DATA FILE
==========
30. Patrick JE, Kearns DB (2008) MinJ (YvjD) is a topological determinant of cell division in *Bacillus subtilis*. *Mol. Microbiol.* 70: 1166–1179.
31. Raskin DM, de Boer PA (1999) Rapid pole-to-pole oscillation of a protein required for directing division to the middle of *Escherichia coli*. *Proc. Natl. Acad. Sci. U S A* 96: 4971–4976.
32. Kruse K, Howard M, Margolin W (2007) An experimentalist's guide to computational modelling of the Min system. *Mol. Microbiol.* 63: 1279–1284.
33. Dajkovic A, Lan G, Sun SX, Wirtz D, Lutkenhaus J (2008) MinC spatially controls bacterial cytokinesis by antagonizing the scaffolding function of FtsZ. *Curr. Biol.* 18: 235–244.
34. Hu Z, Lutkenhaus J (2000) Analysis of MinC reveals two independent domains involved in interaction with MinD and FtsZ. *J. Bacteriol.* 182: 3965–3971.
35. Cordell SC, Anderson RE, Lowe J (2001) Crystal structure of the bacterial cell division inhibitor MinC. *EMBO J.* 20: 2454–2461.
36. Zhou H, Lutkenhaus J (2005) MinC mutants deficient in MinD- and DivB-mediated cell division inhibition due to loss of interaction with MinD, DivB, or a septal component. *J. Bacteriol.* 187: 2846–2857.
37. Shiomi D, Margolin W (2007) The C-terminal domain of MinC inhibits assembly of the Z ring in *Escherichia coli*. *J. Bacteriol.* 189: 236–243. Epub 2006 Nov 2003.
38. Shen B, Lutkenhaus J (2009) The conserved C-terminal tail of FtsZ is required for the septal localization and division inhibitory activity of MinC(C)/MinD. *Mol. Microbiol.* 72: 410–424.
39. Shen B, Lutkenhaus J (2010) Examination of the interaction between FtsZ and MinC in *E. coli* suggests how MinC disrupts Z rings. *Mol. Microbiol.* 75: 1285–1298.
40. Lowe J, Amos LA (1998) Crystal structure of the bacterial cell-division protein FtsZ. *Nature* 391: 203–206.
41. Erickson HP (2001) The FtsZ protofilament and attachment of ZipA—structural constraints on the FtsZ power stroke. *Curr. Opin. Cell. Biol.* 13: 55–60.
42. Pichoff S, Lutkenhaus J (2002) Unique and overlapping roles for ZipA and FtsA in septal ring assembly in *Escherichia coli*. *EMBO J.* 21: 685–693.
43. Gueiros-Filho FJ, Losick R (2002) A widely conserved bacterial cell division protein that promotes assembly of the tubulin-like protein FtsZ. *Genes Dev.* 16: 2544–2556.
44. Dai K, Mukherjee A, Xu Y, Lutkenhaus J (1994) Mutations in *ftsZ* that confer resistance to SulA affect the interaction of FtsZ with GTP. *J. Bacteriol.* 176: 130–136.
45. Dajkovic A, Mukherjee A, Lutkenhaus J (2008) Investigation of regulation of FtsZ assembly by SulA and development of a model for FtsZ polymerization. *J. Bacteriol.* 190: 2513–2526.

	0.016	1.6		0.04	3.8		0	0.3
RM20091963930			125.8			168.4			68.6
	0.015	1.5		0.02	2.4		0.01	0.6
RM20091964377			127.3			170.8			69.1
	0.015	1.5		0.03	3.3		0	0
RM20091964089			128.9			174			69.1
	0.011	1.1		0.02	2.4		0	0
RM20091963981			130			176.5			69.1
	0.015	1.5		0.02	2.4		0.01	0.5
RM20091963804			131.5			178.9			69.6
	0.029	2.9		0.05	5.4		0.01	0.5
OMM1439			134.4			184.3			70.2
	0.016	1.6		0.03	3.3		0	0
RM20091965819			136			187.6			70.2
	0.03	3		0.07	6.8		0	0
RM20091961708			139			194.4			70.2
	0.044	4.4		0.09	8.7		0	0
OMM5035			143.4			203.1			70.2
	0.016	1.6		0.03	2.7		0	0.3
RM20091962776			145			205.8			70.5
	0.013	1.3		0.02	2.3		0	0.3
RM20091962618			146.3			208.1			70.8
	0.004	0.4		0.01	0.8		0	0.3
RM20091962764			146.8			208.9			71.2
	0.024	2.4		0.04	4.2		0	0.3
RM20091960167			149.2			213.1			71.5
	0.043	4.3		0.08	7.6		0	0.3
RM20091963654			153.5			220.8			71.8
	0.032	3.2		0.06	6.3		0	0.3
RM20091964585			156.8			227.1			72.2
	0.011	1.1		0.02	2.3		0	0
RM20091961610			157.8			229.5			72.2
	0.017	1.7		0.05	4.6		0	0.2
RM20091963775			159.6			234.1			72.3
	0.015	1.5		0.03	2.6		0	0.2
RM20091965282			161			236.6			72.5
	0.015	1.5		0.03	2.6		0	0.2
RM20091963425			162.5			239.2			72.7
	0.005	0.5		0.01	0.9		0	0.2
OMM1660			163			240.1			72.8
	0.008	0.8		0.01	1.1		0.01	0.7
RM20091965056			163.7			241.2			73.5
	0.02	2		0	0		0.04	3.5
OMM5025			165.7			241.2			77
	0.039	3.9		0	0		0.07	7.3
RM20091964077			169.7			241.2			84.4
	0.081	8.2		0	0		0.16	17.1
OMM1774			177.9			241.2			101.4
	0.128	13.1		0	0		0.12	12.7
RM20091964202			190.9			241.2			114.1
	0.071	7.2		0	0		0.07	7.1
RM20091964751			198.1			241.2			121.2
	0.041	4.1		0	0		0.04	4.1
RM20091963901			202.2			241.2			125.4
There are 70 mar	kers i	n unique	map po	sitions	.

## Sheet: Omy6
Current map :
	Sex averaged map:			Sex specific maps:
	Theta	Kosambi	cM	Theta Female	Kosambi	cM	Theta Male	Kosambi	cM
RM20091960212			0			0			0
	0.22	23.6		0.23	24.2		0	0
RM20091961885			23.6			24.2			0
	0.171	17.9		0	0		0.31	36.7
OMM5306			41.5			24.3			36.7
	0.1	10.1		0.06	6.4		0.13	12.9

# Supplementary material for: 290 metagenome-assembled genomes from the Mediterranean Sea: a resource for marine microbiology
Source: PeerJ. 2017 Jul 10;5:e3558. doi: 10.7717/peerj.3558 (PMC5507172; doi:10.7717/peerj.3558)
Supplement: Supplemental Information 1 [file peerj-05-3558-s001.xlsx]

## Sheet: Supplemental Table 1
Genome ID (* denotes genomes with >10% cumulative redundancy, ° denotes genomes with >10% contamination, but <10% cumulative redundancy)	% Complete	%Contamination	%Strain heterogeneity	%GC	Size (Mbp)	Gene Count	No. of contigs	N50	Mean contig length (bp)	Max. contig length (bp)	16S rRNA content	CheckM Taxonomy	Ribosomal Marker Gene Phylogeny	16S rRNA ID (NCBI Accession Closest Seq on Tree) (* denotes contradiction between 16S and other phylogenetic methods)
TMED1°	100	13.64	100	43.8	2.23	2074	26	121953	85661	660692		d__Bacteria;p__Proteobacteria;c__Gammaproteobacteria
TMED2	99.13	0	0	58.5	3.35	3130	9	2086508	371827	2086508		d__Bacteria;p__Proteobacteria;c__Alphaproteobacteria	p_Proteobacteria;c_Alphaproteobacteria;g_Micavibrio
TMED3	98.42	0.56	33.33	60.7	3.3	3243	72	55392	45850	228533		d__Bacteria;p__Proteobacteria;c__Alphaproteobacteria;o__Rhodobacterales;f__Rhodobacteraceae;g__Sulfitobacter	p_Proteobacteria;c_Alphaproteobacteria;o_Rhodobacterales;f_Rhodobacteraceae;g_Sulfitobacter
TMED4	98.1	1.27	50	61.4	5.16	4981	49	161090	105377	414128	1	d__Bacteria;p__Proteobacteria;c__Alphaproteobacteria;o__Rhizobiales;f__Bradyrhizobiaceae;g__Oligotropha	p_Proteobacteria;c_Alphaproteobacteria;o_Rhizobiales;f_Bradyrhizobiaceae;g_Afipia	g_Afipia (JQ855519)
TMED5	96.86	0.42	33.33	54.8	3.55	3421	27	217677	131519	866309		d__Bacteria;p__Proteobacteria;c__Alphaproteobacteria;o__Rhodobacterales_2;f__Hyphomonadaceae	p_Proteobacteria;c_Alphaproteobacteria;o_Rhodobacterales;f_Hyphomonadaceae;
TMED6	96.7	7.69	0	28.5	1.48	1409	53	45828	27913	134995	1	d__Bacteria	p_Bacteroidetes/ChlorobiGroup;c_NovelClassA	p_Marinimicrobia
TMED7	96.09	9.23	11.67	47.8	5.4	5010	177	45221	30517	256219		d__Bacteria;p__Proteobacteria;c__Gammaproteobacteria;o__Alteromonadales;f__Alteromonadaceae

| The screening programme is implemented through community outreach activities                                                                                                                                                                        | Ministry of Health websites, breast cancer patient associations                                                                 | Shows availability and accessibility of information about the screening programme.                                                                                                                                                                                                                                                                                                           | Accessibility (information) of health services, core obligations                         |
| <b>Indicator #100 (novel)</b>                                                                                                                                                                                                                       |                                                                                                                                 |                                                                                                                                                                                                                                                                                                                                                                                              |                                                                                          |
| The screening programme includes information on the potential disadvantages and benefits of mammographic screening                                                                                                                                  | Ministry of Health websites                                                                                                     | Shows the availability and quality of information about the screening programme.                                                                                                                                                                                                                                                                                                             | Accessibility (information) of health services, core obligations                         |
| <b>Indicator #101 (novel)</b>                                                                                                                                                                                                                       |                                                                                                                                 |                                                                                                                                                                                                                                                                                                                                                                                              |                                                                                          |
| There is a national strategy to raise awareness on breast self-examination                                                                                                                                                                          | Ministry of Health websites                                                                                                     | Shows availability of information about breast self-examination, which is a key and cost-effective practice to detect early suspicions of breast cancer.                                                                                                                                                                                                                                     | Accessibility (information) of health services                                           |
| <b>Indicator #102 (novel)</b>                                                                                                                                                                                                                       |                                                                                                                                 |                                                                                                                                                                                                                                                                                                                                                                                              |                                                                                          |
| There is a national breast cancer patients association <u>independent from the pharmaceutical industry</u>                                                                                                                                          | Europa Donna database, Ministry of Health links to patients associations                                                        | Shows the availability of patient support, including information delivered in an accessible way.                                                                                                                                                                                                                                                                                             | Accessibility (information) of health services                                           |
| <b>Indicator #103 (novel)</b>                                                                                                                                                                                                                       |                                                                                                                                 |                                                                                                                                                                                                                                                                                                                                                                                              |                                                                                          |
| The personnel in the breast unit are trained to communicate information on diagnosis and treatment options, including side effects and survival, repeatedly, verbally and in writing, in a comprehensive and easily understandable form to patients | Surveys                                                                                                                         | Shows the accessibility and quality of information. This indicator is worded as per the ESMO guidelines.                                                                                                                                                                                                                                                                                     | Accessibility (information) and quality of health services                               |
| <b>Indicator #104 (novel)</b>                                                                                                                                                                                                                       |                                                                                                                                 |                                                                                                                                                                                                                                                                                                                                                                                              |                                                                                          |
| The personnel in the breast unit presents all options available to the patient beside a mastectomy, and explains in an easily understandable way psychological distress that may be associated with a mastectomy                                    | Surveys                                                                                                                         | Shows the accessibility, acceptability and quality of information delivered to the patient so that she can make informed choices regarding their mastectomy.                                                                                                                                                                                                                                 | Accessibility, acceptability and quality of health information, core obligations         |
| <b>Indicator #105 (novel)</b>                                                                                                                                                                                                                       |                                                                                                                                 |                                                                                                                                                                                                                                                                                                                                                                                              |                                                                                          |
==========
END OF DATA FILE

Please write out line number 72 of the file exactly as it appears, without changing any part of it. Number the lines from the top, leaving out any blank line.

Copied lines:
## Sheet: Omy6